The two attorneys met, as they'd agreed. They sat side by side and hefted the two large, accordion file folders onto the desk before them and began pulling out stacks of documents. It was not the showy legal work of television dramas; it was the inescapable tedium of reviewing the state's evidence in a murder trial that had ended five years before.
The work dragged on. Nothing surprised them, until something did.
Here's how Doug Carriker, a prosecutor in the Shelby County District Attorney's Office, remembered the discovery in a court hearing last year.
"A: On the outside of the manila envelope, about — just a standard size, maybe four inch by four inch yellow sticky pad note and it had language ... something to the likes of 'not turned over' or 'do not turn over to defense,' and it had initials at the bottom and a date of, I want to say 2005 or so.
Q: Do you recall what the initials were?
A: 'A' — it was 'A' something, whatever Miss Weirich's middle name is. A, something, W."
Carriker and defense attorney Taylor Eskridge had met to review all of the evidence Amy Weirich (now the Shelby County District Attorney General) and her team used in 2005 to convict former middle school principal Vern Braswell of killing his wife.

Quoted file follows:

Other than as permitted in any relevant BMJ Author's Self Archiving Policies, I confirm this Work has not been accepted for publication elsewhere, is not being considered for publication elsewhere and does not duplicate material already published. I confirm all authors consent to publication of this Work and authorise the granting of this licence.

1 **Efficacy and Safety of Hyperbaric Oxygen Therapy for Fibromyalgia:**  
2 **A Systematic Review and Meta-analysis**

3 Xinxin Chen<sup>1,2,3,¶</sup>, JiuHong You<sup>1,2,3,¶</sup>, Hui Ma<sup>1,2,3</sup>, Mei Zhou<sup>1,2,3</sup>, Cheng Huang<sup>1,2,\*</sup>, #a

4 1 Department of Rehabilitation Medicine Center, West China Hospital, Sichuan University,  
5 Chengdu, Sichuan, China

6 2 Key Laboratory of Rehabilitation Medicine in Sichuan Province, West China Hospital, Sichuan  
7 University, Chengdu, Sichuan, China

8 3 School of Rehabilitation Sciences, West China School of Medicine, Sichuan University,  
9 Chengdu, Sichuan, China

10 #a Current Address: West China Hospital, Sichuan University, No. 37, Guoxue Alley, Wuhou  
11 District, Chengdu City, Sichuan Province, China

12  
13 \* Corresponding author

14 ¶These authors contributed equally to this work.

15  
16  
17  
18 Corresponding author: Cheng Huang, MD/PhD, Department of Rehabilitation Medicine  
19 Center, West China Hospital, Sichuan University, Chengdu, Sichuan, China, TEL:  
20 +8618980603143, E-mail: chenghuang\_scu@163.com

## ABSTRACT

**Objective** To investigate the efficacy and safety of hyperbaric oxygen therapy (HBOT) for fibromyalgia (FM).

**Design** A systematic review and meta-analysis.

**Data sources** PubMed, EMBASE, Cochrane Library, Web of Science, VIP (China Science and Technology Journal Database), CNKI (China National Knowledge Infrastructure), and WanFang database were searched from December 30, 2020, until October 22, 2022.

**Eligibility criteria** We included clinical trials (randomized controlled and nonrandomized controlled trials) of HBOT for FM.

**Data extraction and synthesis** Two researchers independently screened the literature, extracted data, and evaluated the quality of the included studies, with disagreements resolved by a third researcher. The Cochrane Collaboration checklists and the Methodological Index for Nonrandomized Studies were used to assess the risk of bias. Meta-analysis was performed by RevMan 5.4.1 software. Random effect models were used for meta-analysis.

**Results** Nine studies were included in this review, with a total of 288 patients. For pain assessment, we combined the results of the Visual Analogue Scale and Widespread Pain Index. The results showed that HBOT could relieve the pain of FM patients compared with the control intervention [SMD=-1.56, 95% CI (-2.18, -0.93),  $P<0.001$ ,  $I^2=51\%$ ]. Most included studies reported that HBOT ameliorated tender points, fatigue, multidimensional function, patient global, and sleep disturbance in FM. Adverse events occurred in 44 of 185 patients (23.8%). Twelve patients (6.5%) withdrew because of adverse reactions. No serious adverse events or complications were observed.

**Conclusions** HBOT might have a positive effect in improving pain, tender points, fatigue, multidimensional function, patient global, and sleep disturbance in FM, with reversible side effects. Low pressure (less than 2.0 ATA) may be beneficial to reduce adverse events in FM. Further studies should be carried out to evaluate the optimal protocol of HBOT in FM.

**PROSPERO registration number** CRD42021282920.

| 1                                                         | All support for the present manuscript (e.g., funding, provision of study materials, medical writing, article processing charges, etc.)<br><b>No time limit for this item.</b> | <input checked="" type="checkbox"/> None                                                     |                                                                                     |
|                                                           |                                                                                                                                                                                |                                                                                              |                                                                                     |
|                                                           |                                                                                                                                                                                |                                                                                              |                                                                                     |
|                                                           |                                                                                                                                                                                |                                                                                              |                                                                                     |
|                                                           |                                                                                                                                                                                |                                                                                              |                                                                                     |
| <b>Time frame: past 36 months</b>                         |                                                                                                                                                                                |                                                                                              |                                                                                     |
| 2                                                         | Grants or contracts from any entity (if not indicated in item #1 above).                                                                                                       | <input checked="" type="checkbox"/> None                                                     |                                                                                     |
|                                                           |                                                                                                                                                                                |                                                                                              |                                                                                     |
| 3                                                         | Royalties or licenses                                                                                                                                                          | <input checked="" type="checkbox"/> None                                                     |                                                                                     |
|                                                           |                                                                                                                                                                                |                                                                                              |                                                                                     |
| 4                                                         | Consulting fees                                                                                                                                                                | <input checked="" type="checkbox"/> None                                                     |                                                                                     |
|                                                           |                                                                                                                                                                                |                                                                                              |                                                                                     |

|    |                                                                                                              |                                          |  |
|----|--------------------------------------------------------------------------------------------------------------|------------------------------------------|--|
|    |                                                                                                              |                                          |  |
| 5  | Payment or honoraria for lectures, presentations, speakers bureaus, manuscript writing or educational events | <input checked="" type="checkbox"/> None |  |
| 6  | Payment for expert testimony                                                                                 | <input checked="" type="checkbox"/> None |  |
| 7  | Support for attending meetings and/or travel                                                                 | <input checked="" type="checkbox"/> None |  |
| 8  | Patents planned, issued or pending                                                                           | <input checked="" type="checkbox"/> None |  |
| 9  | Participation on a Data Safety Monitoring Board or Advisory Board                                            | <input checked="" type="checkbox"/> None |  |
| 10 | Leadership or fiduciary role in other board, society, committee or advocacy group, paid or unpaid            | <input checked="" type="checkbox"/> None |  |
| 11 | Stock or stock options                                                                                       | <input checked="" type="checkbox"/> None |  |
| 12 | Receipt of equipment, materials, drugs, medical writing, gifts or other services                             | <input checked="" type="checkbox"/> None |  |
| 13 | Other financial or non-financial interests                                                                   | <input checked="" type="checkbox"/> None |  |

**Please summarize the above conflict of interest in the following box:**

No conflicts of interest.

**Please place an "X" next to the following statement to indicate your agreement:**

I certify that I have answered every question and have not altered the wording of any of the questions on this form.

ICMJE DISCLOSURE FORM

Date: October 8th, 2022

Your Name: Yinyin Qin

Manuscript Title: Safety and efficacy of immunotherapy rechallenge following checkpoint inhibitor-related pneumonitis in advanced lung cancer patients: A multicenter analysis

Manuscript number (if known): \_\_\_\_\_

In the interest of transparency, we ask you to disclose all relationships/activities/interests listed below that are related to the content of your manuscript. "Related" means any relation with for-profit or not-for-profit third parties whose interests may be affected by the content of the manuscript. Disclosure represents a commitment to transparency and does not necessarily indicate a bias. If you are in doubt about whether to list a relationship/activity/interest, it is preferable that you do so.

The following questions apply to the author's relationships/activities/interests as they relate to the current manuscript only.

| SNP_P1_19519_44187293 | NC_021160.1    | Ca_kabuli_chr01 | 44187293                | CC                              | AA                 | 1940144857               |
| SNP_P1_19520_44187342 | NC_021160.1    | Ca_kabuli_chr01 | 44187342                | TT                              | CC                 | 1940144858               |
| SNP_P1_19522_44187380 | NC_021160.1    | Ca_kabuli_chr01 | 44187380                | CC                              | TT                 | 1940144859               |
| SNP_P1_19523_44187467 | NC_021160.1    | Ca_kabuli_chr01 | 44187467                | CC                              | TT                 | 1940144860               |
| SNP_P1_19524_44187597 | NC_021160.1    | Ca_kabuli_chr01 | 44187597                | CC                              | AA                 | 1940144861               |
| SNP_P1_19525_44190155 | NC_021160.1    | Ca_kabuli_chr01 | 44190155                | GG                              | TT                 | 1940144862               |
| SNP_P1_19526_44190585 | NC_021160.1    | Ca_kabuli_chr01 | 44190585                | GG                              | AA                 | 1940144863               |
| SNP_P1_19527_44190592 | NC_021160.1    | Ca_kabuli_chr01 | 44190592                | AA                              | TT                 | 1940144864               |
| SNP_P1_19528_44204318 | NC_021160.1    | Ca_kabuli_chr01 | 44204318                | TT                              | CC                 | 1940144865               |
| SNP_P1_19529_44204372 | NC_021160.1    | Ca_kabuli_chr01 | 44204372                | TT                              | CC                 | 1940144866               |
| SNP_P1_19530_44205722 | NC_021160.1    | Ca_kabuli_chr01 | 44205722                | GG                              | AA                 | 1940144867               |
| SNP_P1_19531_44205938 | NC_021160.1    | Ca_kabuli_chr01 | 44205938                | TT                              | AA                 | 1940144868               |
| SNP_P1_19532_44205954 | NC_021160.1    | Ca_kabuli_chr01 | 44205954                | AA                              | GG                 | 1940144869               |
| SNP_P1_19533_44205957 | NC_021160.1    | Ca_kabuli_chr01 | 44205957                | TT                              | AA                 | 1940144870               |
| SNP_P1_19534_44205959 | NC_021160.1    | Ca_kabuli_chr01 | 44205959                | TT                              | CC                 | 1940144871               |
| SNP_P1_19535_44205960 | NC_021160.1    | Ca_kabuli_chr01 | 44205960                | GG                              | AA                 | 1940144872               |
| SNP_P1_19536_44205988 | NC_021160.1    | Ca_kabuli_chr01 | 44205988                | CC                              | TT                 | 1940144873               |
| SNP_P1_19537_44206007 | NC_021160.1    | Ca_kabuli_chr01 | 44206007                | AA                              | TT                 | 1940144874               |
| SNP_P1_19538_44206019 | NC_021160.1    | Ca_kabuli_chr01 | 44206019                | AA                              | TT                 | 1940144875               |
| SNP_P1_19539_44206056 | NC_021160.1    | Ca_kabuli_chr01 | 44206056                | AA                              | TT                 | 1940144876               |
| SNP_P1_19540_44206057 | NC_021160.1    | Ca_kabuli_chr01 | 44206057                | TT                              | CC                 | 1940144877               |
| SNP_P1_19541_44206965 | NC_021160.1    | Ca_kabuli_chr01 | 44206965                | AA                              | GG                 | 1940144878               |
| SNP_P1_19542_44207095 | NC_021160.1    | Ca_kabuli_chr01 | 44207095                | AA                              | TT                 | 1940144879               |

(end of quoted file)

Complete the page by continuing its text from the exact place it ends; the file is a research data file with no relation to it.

- Justin Fox Burks
- DA Amy Weirich
Eskridge testified that the words on the sticky note were written boldly with some kind of broad-tipped marker. The words shocked Eskridge and abruptly stopped the attorneys' work session. Here's how she remembered that moment of discovery:
"...As we were going through, we were like, he was like 'What's this?' And I was like shocked. ...(The envelope) was closed with a seal that I recall. ...What caught our attention was that it had some kind of note that made it clear that the defense couldn't see it. ... I think it said 'do not show defense' or something like that. But it was something that caught both of our attention."
Prosecutors choose the evidence they hand over to criminal defense attorneys. But federal law (called the Brady Rule) mandates prosecutors hand over any evidence that could help prove the innocence of the accused (called exculpatory evidence). The statements from Carriker and Eskridge — two attorneys who once plotted the other's defeat in a high-profile murder trial — both point to a possible violation of this law.